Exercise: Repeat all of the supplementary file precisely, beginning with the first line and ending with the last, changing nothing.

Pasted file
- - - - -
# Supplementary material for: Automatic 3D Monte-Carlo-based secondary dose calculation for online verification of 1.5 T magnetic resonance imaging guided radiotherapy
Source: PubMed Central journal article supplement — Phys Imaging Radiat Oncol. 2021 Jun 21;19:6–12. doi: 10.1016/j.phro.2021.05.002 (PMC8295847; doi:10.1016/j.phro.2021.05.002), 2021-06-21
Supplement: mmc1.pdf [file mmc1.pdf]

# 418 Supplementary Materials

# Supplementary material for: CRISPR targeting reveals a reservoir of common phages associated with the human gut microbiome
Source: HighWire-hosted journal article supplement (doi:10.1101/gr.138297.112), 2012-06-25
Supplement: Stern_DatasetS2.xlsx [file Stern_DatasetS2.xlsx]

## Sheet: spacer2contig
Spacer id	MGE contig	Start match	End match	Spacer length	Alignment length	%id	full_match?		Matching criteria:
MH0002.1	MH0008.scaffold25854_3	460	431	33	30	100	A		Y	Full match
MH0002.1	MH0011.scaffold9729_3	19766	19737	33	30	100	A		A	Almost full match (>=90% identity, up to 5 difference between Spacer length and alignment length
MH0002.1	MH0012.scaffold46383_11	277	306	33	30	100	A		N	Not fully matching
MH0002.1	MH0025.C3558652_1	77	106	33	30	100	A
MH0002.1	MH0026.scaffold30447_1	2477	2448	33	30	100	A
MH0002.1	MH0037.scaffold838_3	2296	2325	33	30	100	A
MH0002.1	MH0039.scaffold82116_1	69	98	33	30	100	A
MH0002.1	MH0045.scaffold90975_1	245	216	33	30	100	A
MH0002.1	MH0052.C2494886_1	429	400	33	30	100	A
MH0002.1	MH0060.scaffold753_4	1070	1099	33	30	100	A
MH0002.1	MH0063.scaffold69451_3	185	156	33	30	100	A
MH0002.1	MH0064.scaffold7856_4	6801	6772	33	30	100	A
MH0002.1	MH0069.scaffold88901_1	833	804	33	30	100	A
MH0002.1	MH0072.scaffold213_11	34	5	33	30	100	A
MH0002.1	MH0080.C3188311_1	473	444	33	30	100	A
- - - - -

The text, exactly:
# Supplementary material for: Automatic 3D Monte-Carlo-based secondary dose calculation for online verification of 1.5 T magnetic resonance imaging guided radiotherapy
Source: PubMed Central journal article supplement — Phys Imaging Radiat Oncol. 2021 Jun 21;19:6–12. doi: 10.1016/j.phro.2021.05.002 (PMC8295847; doi:10.1016/j.phro.2021.05.002), 2021-06-21
Supplement: mmc1.pdf [file mmc1.pdf]

# 418 Supplementary Materials

# Supplementary material for: CRISPR targeting reveals a reservoir of common phages associated with the human gut microbiome
Source: HighWire-hosted journal article supplement (doi:10.1101/gr.138297.112), 2012-06-25
Supplement: Stern_DatasetS2.xlsx [file Stern_DatasetS2.xlsx]

## Sheet: spacer2contig
Spacer id	MGE contig	Start match	End match	Spacer length	Alignment length	%id	full_match?		Matching criteria:
MH0002.1	MH0008.scaffold25854_3	460	431	33	30	100	A		Y	Full match
MH0002.1	MH0011.scaffold9729_3	19766	19737	33	30	100	A		A	Almost full match (>=90% identity, up to 5 difference between Spacer length and alignment length
MH0002.1	MH0012.scaffold46383_11	277	306	33	30	100	A		N	Not fully matching
MH0002.1	MH0025.C3558652_1	77	106	33	30	100	A
MH0002.1	MH0026.scaffold30447_1	2477	2448	33	30	100	A
MH0002.1	MH0037.scaffold838_3	2296	2325	33	30	100	A
MH0002.1	MH0039.scaffold82116_1	69	98	33	30	100	A
MH0002.1	MH0045.scaffold90975_1	245	216	33	30	100	A
MH0002.1	MH0052.C2494886_1	429	400	33	30	100	A
MH0002.1	MH0060.scaffold753_4	1070	1099	33	30	100	A
MH0002.1	MH0063.scaffold69451_3	185	156	33	30	100	A
MH0002.1	MH0064.scaffold7856_4	6801	6772	33	30	100	A
MH0002.1	MH0069.scaffold88901_1	833	804	33	30	100	A
MH0002.1	MH0072.scaffold213_11	34	5	33	30	100	A
MH0002.1	MH0080.C3188311_1	473	444	33	30	100	A